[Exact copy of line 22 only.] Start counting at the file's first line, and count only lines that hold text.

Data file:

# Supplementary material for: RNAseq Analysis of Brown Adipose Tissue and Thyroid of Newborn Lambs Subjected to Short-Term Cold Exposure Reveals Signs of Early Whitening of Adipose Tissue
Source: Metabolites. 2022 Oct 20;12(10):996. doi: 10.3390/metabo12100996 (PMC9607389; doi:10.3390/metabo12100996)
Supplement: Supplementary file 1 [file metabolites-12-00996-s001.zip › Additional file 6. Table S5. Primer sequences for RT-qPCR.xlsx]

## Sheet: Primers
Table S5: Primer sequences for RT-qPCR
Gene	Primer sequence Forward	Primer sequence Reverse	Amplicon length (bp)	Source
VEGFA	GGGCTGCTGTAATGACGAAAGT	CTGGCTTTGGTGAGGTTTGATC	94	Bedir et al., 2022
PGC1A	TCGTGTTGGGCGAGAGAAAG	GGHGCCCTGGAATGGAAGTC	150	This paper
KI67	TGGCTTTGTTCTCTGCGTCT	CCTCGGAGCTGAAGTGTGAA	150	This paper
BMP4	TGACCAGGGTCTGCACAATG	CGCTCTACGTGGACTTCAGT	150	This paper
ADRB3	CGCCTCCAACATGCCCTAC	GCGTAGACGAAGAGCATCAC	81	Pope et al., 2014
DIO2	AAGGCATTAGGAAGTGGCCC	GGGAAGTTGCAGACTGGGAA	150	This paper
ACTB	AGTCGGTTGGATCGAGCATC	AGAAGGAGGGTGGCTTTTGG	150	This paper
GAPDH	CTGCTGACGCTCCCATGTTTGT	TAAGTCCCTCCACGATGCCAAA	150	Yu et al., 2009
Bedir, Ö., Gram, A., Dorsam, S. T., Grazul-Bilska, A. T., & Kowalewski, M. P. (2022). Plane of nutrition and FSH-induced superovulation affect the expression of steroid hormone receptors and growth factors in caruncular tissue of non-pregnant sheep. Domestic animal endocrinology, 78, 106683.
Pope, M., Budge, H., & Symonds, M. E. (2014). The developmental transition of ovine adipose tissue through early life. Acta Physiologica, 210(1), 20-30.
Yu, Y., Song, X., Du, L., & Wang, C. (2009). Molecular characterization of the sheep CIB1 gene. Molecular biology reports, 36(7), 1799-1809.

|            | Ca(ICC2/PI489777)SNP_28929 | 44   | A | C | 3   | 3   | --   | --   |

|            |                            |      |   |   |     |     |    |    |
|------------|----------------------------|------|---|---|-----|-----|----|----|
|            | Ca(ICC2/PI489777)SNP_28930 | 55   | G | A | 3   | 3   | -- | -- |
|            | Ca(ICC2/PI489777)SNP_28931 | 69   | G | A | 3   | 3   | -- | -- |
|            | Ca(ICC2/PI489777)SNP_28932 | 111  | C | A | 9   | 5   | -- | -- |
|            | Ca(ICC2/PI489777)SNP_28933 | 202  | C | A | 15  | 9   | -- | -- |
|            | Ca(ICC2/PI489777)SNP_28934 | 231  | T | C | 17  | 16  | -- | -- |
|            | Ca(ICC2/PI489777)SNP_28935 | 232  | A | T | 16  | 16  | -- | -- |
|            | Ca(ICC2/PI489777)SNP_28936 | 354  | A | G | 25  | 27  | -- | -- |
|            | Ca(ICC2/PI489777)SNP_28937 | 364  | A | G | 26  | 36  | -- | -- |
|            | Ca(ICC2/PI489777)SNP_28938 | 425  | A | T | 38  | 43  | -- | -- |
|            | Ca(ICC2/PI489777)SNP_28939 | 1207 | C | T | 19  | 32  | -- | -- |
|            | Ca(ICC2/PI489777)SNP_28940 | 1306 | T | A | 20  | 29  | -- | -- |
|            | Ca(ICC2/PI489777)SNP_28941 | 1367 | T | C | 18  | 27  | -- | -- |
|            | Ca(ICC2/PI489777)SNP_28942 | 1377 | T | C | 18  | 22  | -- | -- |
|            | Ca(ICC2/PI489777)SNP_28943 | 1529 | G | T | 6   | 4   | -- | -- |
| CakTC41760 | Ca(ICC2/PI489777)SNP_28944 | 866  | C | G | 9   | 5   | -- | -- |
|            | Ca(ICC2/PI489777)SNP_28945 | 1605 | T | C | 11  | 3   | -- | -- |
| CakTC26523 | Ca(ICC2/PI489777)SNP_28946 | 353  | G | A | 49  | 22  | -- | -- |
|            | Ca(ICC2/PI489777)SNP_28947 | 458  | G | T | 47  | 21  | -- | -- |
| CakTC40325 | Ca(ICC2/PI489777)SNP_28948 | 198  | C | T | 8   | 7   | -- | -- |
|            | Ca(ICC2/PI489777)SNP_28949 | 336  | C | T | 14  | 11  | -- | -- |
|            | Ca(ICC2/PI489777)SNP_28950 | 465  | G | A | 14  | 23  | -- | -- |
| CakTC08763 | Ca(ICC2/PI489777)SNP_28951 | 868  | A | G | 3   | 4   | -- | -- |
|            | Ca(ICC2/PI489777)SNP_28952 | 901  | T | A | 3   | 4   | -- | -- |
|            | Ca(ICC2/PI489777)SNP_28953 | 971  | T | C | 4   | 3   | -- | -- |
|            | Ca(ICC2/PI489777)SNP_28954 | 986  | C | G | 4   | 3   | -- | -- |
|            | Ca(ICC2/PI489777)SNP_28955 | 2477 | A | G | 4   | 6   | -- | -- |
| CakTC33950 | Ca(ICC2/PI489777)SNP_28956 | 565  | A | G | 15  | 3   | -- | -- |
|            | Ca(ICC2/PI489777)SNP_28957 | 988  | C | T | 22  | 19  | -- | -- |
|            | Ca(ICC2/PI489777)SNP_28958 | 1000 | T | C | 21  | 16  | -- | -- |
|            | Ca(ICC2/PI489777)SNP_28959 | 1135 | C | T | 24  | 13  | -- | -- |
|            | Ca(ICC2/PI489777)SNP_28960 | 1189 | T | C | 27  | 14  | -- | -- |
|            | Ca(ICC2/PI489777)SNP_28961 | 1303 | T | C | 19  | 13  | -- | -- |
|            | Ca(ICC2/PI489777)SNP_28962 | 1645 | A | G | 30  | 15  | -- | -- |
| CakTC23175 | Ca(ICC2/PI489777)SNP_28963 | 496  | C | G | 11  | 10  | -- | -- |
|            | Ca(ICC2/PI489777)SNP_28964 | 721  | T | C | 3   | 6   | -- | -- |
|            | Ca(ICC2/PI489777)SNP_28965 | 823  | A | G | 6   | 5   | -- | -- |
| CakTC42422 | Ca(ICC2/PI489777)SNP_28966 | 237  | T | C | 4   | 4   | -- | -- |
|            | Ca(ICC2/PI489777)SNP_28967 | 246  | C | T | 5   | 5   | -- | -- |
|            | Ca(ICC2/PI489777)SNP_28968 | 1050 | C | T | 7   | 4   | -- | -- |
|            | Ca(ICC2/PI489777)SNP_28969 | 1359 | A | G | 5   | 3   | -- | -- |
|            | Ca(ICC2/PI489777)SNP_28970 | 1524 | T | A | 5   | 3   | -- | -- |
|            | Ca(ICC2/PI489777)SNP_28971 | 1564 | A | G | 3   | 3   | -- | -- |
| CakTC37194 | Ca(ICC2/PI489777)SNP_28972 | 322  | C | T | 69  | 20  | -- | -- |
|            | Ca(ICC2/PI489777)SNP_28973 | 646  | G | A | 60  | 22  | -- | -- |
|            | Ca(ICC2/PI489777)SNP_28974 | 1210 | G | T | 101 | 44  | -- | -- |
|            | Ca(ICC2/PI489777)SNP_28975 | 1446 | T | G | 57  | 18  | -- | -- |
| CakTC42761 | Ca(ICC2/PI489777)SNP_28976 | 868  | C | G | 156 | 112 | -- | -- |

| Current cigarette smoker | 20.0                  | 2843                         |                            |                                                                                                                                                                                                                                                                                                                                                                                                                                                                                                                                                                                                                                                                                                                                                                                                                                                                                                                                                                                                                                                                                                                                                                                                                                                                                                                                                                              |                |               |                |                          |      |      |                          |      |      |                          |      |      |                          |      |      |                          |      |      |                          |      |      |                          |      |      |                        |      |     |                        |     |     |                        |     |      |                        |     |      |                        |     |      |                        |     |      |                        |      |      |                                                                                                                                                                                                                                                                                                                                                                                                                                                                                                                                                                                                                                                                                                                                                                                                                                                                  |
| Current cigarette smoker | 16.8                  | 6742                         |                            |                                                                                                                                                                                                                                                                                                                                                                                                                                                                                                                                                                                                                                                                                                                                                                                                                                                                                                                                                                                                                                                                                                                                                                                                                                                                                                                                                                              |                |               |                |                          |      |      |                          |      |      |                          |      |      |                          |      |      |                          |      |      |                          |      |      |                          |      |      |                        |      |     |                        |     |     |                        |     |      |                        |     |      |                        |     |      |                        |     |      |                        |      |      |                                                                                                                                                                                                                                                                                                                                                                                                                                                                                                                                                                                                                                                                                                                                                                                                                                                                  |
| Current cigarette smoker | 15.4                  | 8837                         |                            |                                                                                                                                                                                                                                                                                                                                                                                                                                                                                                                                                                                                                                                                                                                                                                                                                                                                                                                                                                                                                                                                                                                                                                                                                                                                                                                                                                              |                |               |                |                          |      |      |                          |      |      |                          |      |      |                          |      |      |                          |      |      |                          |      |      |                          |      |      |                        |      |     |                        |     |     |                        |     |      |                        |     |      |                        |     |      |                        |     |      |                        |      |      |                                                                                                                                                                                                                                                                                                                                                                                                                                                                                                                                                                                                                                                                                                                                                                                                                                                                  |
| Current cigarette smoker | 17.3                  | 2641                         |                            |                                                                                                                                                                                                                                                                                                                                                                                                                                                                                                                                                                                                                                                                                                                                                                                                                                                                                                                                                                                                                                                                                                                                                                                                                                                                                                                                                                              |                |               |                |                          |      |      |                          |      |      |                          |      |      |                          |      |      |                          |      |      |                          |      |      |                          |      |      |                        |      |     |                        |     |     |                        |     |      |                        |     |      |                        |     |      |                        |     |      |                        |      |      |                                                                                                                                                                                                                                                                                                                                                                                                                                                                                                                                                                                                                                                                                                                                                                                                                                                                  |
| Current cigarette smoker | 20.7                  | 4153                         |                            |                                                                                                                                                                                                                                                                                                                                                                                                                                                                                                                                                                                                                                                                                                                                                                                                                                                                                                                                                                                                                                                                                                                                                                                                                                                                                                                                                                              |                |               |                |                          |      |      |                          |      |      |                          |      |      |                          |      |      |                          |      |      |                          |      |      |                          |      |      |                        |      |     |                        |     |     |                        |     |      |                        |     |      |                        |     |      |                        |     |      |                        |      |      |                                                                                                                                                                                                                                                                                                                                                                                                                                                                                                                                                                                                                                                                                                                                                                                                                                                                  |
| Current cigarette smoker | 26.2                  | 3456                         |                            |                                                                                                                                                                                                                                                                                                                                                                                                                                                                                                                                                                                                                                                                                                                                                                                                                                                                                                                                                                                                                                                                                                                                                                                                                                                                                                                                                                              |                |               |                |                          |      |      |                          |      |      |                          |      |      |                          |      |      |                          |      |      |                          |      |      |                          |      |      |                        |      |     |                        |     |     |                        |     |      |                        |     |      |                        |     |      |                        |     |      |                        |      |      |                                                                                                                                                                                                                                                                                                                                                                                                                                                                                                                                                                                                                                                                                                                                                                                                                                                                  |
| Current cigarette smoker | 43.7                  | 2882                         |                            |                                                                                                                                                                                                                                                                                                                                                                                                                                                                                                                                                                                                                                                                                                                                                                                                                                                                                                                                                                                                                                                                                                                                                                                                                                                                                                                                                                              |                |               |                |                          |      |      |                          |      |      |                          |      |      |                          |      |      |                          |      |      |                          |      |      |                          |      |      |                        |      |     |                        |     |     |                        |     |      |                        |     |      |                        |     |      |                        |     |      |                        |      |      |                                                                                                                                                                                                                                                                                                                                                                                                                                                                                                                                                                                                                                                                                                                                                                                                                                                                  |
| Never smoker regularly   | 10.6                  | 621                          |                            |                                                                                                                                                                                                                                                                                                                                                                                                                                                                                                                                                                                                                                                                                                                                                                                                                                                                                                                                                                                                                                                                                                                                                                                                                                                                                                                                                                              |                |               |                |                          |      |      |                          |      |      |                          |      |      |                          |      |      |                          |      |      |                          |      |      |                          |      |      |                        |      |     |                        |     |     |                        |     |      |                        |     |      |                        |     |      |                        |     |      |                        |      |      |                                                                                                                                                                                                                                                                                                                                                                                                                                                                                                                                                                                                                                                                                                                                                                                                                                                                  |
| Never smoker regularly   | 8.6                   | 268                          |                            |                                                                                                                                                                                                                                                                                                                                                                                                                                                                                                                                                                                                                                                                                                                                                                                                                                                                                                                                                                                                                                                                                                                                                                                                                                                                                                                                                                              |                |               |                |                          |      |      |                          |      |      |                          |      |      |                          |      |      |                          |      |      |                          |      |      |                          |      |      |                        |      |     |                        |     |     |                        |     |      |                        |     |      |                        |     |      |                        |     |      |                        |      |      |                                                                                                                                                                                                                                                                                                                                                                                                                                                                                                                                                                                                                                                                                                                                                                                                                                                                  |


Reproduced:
|            | Ca(ICC2/PI489777)SNP_28931 | 69   | G | A | 3   | 3   | -- | -- |